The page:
Duke University’s bottom line took a $1 billion hit in fiscal 2015-16, thanks in part to a 2.6 percent loss in its long-term investment pool, according to its annual financial report.
The university and its affiliated medical system nonetheless ended the year with nearly $12 billion in net assets, and from an operations standpoint ran $212.1 million in the black.
But Duke, investment-wise, wasn’t immune from the pressures of what Jonathon King, the chief fund manager for nearby UNC-Chapel Hill, has termed the “Alice in Wonderland environment” of the world’s financial markets.
Duke Executive Vice President Tallman Trask deployed a somewhat less colorful adjective – “challenging” – to describe a market that was tough on major college endowments generally.
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It illustrates that campus leaders have to assume they face “financial limitations that require tradeoffs and priority-setting (to) achieve our most important aspirations,” Trask said in his preface to Duke’s fiscal 2015-16 report.
His words lined up with a warning the in-house University Priorities Committee relayed to faculty leaders earlier in the year, when it said investment returns over the next three to five years could well fall behind the levels Duke baked into its budget modeling.
And Duke and UNC – King’s fund incurred a 2 percent loss – were hardly the only major universities to have a bad year in the market. Nationally, schools including Harvard and the University of Pennsylvania joined them in seeing losses.
It was a year that punished institutions that put their money into anything other than traditional U.S. stocks and bonds, King said last summer as accountants were still totaling up the damage.
On the ground at Duke, though, 2015-16 was a good year for many people. Combined, the university and its affiliated health system paid out $2.3 billion in salaries and wages, up about 5 percent from fiscal 2014-15.
On the university side of the house, the increase was driven mainly by “merit-based salary increases for faculty and staff.” On the health-system side, there were likewise “planned increases in annual pay rates” but also broader growth in the volume of business.
All told, Duke and the Duke University Health System raked in about $5.7 billion in revenue and spent about $5.5 billion on operations.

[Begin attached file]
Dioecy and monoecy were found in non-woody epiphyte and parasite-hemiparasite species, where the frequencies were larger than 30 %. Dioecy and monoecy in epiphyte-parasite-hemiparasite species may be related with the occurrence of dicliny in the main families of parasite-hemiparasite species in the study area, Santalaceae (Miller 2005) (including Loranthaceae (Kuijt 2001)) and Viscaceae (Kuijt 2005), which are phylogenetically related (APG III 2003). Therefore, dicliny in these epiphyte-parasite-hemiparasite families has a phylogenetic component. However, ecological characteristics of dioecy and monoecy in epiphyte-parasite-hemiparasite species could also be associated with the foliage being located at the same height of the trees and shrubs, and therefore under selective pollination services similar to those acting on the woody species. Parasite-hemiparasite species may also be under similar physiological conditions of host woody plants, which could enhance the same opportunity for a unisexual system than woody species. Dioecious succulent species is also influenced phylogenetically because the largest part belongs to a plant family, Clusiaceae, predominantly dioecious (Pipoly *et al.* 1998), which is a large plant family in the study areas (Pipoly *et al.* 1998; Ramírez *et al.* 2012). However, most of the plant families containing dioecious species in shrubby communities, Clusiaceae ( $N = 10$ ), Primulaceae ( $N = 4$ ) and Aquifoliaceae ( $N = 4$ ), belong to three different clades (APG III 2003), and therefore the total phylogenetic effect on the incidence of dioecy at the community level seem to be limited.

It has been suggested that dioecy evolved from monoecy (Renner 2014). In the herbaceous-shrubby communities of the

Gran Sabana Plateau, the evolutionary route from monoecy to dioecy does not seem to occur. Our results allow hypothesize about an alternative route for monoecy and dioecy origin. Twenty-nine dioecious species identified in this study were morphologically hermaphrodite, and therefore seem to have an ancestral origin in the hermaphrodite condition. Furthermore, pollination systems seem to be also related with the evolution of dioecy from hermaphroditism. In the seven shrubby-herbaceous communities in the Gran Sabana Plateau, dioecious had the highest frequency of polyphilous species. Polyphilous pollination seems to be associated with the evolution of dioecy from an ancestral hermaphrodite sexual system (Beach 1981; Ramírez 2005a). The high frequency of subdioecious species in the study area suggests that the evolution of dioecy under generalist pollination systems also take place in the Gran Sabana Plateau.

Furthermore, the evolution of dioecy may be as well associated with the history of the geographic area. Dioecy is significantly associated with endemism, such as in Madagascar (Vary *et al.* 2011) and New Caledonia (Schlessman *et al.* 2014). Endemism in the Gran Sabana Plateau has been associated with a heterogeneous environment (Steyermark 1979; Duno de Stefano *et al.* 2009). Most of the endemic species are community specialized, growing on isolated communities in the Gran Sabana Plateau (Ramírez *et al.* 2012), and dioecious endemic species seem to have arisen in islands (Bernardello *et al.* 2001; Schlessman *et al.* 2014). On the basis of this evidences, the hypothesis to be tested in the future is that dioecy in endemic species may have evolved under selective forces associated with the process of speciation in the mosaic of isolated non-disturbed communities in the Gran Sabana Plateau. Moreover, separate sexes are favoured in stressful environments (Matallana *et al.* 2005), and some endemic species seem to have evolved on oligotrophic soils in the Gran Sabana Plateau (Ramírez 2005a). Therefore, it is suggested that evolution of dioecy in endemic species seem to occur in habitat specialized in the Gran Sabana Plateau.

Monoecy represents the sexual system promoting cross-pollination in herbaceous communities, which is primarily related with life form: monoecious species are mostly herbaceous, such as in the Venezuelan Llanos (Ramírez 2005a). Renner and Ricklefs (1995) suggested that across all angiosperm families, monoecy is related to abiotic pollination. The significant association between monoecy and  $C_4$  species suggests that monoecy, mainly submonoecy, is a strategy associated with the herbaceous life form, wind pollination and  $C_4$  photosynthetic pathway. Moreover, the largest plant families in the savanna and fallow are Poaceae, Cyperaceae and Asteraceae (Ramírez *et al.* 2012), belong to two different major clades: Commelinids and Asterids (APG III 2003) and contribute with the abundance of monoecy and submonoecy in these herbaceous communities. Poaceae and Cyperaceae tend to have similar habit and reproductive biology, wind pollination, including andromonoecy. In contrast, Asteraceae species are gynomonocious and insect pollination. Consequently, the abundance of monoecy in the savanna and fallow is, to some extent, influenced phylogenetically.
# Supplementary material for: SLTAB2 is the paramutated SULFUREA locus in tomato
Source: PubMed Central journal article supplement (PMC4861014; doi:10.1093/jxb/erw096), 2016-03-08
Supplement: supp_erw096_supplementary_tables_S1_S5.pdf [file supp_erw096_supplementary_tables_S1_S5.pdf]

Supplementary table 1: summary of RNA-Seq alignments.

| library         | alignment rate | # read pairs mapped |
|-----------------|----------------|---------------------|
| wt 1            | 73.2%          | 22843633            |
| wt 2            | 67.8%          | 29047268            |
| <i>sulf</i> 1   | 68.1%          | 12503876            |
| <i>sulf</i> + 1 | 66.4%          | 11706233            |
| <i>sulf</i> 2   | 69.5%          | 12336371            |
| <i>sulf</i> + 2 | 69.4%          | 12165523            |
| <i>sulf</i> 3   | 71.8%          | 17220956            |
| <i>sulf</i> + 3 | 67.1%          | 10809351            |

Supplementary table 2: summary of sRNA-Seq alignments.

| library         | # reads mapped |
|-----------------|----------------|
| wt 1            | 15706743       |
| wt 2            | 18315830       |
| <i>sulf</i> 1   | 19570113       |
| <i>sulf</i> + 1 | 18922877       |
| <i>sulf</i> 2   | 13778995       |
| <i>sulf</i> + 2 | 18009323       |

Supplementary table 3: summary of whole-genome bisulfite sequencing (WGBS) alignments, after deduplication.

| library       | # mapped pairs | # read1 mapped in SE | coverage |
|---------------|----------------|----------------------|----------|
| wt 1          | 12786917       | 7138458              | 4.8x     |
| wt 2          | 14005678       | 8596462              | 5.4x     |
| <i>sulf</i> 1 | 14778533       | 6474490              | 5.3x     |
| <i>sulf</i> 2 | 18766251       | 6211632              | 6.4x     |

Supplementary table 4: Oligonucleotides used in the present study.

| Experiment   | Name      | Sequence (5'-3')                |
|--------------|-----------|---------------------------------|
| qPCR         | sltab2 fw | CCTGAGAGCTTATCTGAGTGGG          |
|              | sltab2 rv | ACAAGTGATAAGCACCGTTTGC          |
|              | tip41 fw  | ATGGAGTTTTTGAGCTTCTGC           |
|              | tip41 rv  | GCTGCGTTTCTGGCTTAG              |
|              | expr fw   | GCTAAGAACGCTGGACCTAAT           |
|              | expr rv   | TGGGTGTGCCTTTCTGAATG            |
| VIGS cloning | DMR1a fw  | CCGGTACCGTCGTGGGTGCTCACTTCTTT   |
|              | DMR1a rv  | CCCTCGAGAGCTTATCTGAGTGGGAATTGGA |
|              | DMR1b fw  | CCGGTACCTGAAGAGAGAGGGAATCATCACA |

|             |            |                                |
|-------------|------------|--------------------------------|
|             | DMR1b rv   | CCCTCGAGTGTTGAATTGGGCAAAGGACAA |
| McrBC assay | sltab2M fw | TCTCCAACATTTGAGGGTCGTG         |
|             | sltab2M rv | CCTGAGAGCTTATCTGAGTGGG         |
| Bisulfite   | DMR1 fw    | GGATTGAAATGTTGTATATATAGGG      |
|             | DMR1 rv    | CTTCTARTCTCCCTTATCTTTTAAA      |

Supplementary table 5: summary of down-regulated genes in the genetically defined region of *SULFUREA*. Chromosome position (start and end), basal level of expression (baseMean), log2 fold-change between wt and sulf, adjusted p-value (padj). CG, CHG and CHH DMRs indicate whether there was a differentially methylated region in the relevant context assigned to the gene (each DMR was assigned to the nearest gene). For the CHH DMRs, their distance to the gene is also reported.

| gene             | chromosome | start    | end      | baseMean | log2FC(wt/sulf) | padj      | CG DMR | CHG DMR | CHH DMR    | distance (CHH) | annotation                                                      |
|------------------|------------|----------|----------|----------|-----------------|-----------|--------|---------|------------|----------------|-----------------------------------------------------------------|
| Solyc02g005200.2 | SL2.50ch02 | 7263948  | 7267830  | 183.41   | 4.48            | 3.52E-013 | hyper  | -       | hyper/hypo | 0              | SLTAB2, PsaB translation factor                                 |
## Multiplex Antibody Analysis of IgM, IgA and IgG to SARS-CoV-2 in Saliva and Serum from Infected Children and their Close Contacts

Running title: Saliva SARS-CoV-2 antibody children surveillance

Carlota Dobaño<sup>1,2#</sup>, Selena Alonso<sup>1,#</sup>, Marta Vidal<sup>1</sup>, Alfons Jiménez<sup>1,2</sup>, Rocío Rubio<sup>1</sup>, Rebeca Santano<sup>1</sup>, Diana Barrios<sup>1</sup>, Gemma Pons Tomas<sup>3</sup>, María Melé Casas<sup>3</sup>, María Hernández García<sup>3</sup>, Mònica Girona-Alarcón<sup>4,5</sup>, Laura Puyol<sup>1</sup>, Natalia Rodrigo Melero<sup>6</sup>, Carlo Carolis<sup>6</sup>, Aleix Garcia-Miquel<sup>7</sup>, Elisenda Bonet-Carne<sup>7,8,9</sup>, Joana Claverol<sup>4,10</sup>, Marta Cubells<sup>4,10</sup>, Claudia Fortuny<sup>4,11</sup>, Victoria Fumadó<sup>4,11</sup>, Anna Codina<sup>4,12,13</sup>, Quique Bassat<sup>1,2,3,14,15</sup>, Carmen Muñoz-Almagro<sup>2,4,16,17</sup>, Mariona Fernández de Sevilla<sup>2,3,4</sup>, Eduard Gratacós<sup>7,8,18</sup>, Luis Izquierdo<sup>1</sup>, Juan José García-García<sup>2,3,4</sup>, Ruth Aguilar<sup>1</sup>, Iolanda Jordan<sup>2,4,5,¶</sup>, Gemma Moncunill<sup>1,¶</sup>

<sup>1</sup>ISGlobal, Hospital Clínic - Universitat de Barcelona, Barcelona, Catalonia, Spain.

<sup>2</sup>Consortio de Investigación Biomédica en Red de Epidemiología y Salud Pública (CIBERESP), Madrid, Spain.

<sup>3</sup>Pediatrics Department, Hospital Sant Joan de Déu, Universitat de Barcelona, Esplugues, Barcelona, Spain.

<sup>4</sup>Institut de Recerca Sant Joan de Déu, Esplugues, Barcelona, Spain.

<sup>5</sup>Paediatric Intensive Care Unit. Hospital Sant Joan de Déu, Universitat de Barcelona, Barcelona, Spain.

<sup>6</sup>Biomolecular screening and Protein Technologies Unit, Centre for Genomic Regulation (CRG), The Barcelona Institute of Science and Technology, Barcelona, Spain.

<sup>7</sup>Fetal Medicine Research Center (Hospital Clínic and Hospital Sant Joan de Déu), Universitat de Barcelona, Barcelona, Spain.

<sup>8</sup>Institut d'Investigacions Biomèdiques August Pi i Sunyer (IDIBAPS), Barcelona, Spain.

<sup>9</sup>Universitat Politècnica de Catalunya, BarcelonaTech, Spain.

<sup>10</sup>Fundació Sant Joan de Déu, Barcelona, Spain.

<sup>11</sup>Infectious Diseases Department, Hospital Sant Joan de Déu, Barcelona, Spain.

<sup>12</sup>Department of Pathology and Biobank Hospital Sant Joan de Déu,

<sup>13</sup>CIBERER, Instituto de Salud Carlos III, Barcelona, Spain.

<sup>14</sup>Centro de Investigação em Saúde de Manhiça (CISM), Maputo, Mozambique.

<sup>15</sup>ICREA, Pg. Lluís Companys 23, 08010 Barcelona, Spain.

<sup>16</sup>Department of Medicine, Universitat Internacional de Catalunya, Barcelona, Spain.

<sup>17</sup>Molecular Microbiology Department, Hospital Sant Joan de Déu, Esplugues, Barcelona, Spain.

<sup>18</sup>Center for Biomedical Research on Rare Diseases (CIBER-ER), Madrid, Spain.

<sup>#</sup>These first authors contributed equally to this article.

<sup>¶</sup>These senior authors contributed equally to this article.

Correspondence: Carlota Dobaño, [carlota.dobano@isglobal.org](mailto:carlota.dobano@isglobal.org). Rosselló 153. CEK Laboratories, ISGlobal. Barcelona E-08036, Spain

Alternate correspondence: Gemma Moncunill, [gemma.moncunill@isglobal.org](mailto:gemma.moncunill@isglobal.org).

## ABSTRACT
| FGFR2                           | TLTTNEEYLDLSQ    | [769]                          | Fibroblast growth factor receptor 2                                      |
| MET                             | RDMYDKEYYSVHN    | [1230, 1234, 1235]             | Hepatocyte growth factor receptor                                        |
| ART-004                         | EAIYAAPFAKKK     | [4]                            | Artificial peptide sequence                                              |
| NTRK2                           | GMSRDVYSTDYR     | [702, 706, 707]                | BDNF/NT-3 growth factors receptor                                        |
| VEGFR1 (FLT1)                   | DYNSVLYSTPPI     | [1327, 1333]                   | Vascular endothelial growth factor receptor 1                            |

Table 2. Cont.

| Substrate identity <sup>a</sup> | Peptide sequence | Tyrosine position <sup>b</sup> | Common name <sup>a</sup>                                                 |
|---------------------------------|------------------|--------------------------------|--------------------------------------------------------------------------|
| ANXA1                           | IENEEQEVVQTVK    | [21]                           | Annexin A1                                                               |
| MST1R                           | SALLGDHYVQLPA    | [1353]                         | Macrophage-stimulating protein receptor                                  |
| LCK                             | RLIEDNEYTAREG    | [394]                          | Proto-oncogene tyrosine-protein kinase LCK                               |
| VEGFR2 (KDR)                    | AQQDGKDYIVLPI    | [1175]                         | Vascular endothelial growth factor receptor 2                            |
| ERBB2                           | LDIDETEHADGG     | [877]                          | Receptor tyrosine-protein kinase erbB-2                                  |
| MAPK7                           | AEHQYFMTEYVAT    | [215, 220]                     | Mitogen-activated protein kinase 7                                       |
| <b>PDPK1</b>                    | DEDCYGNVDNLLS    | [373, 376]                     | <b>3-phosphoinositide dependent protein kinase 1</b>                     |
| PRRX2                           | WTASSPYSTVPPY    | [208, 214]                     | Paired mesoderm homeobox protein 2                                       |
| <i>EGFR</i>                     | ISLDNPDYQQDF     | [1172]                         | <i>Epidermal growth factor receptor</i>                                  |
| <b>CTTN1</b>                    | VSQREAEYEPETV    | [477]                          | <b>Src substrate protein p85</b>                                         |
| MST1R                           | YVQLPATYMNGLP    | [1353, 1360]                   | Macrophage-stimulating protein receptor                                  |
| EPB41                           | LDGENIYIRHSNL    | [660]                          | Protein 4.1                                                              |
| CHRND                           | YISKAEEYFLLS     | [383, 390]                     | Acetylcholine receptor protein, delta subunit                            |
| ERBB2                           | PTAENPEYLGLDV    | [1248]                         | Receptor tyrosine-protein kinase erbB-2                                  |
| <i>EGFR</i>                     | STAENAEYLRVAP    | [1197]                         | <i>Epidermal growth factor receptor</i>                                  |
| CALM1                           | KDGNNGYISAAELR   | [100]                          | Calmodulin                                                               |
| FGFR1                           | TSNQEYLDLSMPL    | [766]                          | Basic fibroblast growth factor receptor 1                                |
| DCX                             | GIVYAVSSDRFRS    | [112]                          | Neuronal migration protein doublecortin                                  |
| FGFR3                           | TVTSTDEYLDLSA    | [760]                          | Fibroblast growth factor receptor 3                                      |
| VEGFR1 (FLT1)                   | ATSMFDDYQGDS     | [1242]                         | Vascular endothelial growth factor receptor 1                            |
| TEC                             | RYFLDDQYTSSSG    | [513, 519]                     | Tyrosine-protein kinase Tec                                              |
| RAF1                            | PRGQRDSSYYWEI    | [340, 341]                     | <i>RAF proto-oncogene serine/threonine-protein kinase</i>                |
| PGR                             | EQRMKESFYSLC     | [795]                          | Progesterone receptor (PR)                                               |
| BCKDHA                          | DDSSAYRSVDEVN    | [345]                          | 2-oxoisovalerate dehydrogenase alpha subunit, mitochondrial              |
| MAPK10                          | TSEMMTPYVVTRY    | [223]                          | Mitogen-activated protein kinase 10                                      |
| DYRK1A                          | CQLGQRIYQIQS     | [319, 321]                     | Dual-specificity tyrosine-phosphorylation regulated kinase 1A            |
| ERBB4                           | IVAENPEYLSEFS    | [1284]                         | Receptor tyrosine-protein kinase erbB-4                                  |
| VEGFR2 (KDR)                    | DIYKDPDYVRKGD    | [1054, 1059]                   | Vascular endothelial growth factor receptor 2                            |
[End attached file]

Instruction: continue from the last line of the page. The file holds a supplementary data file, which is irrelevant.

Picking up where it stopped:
Tuition and student fees accounted for about $455.8 million of revenue, after discounts related to financial aid, scholarships and other factors. Grants for research and other work brought in another $1.1 billion. Patient care accounted for nearly $3 billion.
As it did in 2014-15, the health system helped subsidize Duke’s medical school, transferring about $98 million to it for operations and another $510 million for long-term funding.
The system also supplied about $82 million in charity care, an increase of $12 million or 17 percent on last year’s level.
Hiring-wise, Duke employed more professors in 2015-16 than it did the year before, but the gains were all off the tenure track. As of June 30, it had 63 more non-tenure-track faculty than in 2014-15, and 26 fewer tenured or tenure-eligible professors. All told, it had 3,427 faculty members.
Duke’s non-faculty staff grew by 998, or 2.2 percent, to 45,898 in the university and the health system. Campus leaders such as Duke President Richard Brodhead are fond of noting that the Durham institution is North Carolina’s second-largest private-sector employer, behind Walmart.
But the investment loss shadows the report because Duke’s long-range financial planning assumes it needs to generate a return of about 7.5 percent a year, not counting inflation.
Fund managers had bettered that in recent years, but 2015-16 saw a give-back of a portion of those gains. The university’s endowment – the intended beneficiary of a majority of Duke’s investments – shrank in value to $6.8 billion, down 6.3 percent from $7.3 billion the year before.
Trustees held to policy in approving $364.3 million in spending from the endowment, even as its market value was dropping by about $229.8 million, according to the report.
Ray Gronberg: 919-419-6648; @rcgronberg